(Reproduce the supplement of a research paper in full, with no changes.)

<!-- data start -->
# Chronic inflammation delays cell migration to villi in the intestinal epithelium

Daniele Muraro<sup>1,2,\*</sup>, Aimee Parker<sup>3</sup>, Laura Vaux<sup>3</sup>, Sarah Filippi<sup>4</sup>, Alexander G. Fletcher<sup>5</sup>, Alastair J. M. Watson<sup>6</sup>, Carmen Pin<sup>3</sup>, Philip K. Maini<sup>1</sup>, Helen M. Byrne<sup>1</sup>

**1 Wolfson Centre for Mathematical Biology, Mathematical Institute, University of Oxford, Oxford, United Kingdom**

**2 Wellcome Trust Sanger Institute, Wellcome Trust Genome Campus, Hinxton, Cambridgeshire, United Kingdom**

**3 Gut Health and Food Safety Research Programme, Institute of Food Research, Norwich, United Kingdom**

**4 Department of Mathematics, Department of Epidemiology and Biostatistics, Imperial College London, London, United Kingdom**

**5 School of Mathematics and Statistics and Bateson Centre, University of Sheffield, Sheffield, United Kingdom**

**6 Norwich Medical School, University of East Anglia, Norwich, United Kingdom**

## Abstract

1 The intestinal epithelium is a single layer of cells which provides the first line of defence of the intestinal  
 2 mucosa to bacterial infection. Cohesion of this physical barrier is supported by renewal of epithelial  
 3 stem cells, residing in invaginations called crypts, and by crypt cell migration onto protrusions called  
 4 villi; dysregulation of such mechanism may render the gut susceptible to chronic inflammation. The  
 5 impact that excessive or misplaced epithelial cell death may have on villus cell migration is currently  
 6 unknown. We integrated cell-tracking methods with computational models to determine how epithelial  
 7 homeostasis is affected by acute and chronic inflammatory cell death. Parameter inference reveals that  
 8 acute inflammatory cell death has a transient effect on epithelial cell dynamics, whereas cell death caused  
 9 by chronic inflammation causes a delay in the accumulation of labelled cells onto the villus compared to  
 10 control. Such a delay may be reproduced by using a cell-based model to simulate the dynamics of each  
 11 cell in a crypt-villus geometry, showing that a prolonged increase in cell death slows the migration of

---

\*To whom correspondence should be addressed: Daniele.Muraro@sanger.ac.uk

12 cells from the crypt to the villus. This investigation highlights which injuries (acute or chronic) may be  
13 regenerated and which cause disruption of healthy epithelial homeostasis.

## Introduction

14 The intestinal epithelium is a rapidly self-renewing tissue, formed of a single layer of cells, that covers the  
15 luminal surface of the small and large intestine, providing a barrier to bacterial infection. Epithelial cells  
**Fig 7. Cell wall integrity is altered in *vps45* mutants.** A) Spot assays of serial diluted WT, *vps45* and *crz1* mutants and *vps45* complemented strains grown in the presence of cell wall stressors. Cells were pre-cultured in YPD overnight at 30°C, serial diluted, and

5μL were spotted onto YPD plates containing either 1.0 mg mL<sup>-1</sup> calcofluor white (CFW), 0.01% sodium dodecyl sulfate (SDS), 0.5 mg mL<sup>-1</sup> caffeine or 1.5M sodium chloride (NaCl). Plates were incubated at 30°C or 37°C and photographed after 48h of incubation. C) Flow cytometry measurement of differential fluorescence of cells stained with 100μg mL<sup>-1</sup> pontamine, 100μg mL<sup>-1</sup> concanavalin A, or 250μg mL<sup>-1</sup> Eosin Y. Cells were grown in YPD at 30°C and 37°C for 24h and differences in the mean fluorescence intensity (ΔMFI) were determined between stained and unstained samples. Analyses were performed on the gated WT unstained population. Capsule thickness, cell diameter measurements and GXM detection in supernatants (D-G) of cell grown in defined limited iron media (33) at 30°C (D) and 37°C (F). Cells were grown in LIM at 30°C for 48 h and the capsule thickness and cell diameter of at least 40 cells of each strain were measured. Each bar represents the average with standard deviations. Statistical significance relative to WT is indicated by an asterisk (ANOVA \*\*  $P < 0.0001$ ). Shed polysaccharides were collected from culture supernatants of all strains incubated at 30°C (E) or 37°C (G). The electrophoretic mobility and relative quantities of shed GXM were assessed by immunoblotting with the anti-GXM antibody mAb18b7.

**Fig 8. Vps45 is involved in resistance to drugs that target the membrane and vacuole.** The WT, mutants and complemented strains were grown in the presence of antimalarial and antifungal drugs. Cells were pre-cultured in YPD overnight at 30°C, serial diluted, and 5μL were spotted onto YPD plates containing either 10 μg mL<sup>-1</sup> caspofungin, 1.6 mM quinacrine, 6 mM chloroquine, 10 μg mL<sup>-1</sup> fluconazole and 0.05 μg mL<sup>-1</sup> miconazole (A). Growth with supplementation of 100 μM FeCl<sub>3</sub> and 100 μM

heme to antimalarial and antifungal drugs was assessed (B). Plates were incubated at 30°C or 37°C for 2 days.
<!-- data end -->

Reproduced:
# Chronic inflammation delays cell migration to villi in the intestinal epithelium

Daniele Muraro<sup>1,2,\*</sup>, Aimee Parker<sup>3</sup>, Laura Vaux<sup>3</sup>, Sarah Filippi<sup>4</sup>, Alexander G. Fletcher<sup>5</sup>, Alastair J. M. Watson<sup>6</sup>, Carmen Pin<sup>3</sup>, Philip K. Maini<sup>1</sup>, Helen M. Byrne<sup>1</sup>

**1 Wolfson Centre for Mathematical Biology, Mathematical Institute, University of Oxford, Oxford, United Kingdom**

**2 Wellcome Trust Sanger Institute, Wellcome Trust Genome Campus, Hinxton, Cambridgeshire, United Kingdom**

**3 Gut Health and Food Safety Research Programme, Institute of Food Research, Norwich, United Kingdom**

**4 Department of Mathematics, Department of Epidemiology and Biostatistics, Imperial College London, London, United Kingdom**

**5 School of Mathematics and Statistics and Bateson Centre, University of Sheffield, Sheffield, United Kingdom**

**6 Norwich Medical School, University of East Anglia, Norwich, United Kingdom**

## Abstract

1 The intestinal epithelium is a single layer of cells which provides the first line of defence of the intestinal  
 2 mucosa to bacterial infection. Cohesion of this physical barrier is supported by renewal of epithelial  
 3 stem cells, residing in invaginations called crypts, and by crypt cell migration onto protrusions called  
 4 villi; dysregulation of such mechanism may render the gut susceptible to chronic inflammation. The  
 5 impact that excessive or misplaced epithelial cell death may have on villus cell migration is currently  
 6 unknown. We integrated cell-tracking methods with computational models to determine how epithelial  
 7 homeostasis is affected by acute and chronic inflammatory cell death. Parameter inference reveals that  
 8 acute inflammatory cell death has a transient effect on epithelial cell dynamics, whereas cell death caused  
 9 by chronic inflammation causes a delay in the accumulation of labelled cells onto the villus compared to  
 10 control. Such a delay may be reproduced by using a cell-based model to simulate the dynamics of each  
 11 cell in a crypt-villus geometry, showing that a prolonged increase in cell death slows the migration of

---

\*To whom correspondence should be addressed: Daniele.Muraro@sanger.ac.uk

12 cells from the crypt to the villus. This investigation highlights which injuries (acute or chronic) may be  
13 regenerated and which cause disruption of healthy epithelial homeostasis.

## Introduction

14 The intestinal epithelium is a rapidly self-renewing tissue, formed of a single layer of cells, that covers the  
15 luminal surface of the small and large intestine, providing a barrier to bacterial infection. Epithelial cells  
**Fig 7. Cell wall integrity is altered in *vps45* mutants.** A) Spot assays of serial diluted WT, *vps45* and *crz1* mutants and *vps45* complemented strains grown in the presence of cell wall stressors. Cells were pre-cultured in YPD overnight at 30°C, serial diluted, and

5μL were spotted onto YPD plates containing either 1.0 mg mL<sup>-1</sup> calcofluor white (CFW), 0.01% sodium dodecyl sulfate (SDS), 0.5 mg mL<sup>-1</sup> caffeine or 1.5M sodium chloride (NaCl). Plates were incubated at 30°C or 37°C and photographed after 48h of incubation. C) Flow cytometry measurement of differential fluorescence of cells stained with 100μg mL<sup>-1</sup> pontamine, 100μg mL<sup>-1</sup> concanavalin A, or 250μg mL<sup>-1</sup> Eosin Y. Cells were grown in YPD at 30°C and 37°C for 24h and differences in the mean fluorescence intensity (ΔMFI) were determined between stained and unstained samples. Analyses were performed on the gated WT unstained population. Capsule thickness, cell diameter measurements and GXM detection in supernatants (D-G) of cell grown in defined limited iron media (33) at 30°C (D) and 37°C (F). Cells were grown in LIM at 30°C for 48 h and the capsule thickness and cell diameter of at least 40 cells of each strain were measured. Each bar represents the average with standard deviations. Statistical significance relative to WT is indicated by an asterisk (ANOVA \*\*  $P < 0.0001$ ). Shed polysaccharides were collected from culture supernatants of all strains incubated at 30°C (E) or 37°C (G). The electrophoretic mobility and relative quantities of shed GXM were assessed by immunoblotting with the anti-GXM antibody mAb18b7.

**Fig 8. Vps45 is involved in resistance to drugs that target the membrane and vacuole.** The WT, mutants and complemented strains were grown in the presence of antimalarial and antifungal drugs. Cells were pre-cultured in YPD overnight at 30°C, serial diluted, and 5μL were spotted onto YPD plates containing either 10 μg mL<sup>-1</sup> caspofungin, 1.6 mM quinacrine, 6 mM chloroquine, 10 μg mL<sup>-1</sup> fluconazole and 0.05 μg mL<sup>-1</sup> miconazole (A). Growth with supplementation of 100 μM FeCl<sub>3</sub> and 100 μM

heme to antimalarial and antifungal drugs was assessed (B). Plates were incubated at 30°C or 37°C for 2 days.